Season two of The Object of History podcast by the Massachusetts Historical Society continues with “A World War II Bomber Pilot’s Canine Companion,” the story of Thunderbolt, a dog who served as a companion to an American bomber pilot and POW Lt. Robert Payne during World War II. [Read more…] about A World War II Bomber Pilot’s Canine Companion
Massachusetts Historical Society
Elite white women in the British Atlantic world commemorated transitions in their lives with shellwork grottos, shadow box scenes, dollhouses, and dolls. While these objects usually marked marriages or the births of children, they often did not depict these milestones. [Read more…] about Nostalgia and the Miniature in Eighteenth-Century Women’s Work
Among the best known yet least understood occult texts in early America, Joshua Gordon’s 22-page handwritten manual Witchcraft Book (1784) reveals a stunning culture of Scots-Irish folk medicine, cunning magic, and witch hunting that flourished in the backcountry settlements of the Carolinas at the turn of the nineteenth century. [Read more…] about Early America & The Occult: Joshua Gordon’s Witchcraft Book
The Massachusetts Historical Society will host “The Influences of King Philip’s War on American Political Thought,” a program with Daniel Mandell of Truman State University, with additional comments by Owen Stanwood of Boston College. [Read more…] about King Philip’s War & American Political Thought
In her book No Right to an Honest Living (Basic Books, 2023), Jacqueline Jones reveals how Boston was the United States writ small: a place where the soaring rhetoric of egalitarianism was easy, but justice in the workplace was elusive.
Before, during, and after the Civil War, white abolitionists and Republicans refused to secure equal employment opportunity for Black Bostonians, condemning many of them to poverty. [Read more…] about Boston’s Black Workers in the Civil War Era
James Bradley was not the first African American to study at Oberlin College, but chroniclers and historians of abolition have long mistaken the facts of his life.
The Massachusetts Historical Society will host “If Wishes Were Sources: Speculation and the Saga of James Bradley, Oberlin’s ‘First’ Black Student,” a program with John Frederick Bell, Assumption University with comment by Julie Winch, University of Massachusetts Boston, set for Thursday, January 12th. [Read more…] about James Bradley, Oberlin College’s ‘First’ Black Student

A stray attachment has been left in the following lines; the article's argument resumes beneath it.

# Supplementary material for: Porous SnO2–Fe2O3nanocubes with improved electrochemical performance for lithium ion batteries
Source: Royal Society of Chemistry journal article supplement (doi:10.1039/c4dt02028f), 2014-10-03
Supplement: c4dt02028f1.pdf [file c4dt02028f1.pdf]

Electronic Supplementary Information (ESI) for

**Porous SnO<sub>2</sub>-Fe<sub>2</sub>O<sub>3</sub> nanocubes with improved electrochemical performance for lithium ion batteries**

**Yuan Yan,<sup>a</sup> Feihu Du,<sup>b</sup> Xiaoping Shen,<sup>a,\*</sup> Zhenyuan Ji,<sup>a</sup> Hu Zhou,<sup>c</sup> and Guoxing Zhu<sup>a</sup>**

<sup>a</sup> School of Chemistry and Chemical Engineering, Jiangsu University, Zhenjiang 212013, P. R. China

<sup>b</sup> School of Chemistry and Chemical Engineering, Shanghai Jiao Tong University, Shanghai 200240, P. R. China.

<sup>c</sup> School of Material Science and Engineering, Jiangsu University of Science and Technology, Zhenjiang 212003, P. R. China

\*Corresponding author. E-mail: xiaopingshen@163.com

On June 20th, 1940, President Franklin D. Roosevelt shocked the country by announcing that two Republicans would take posts in his cabinet. Henry Stimson, former President Herbert Hoover’s secretary of state, became secretary of war, and Frank Knox, the Republican vice-presidential candidate in 1936, became secretary of the navy.
Roosevelt intended the appointments to build national unity. It also placed a bipartisan relationship at the center of America’s confrontation with global fascism. [Read more…] about Uniting America: FDR, Henry Stimson & World War Two
The Massachusetts Historical Society will host “Physicians advise the use of it: Chinese Tea in Early America,” a program with Yiyun Huang, University of Tennessee, Knoxville with comment by Rebecca Tannenbaum, Yale University, set for Tuesday, January 10th. [Read more…] about Chinese Tea in Early America
Throughout early modern Europe and the Atlantic World, individuals recorded details of earthquakes in diaries and letters, contemplated meanings in sermons, and learned about distant disasters via broadsides and pamphlets. [Read more…] about Earthquakes and End Times: Apocalyptic Predictions in the English Atlantic
The Massachusetts Historical Society (MHS) has announced “Boston Massacre: A History in Objects and Documents,” a program by Boston University students set for Monday, December 12th. [Read more…] about Boston Massacre: A History in Objects and Documents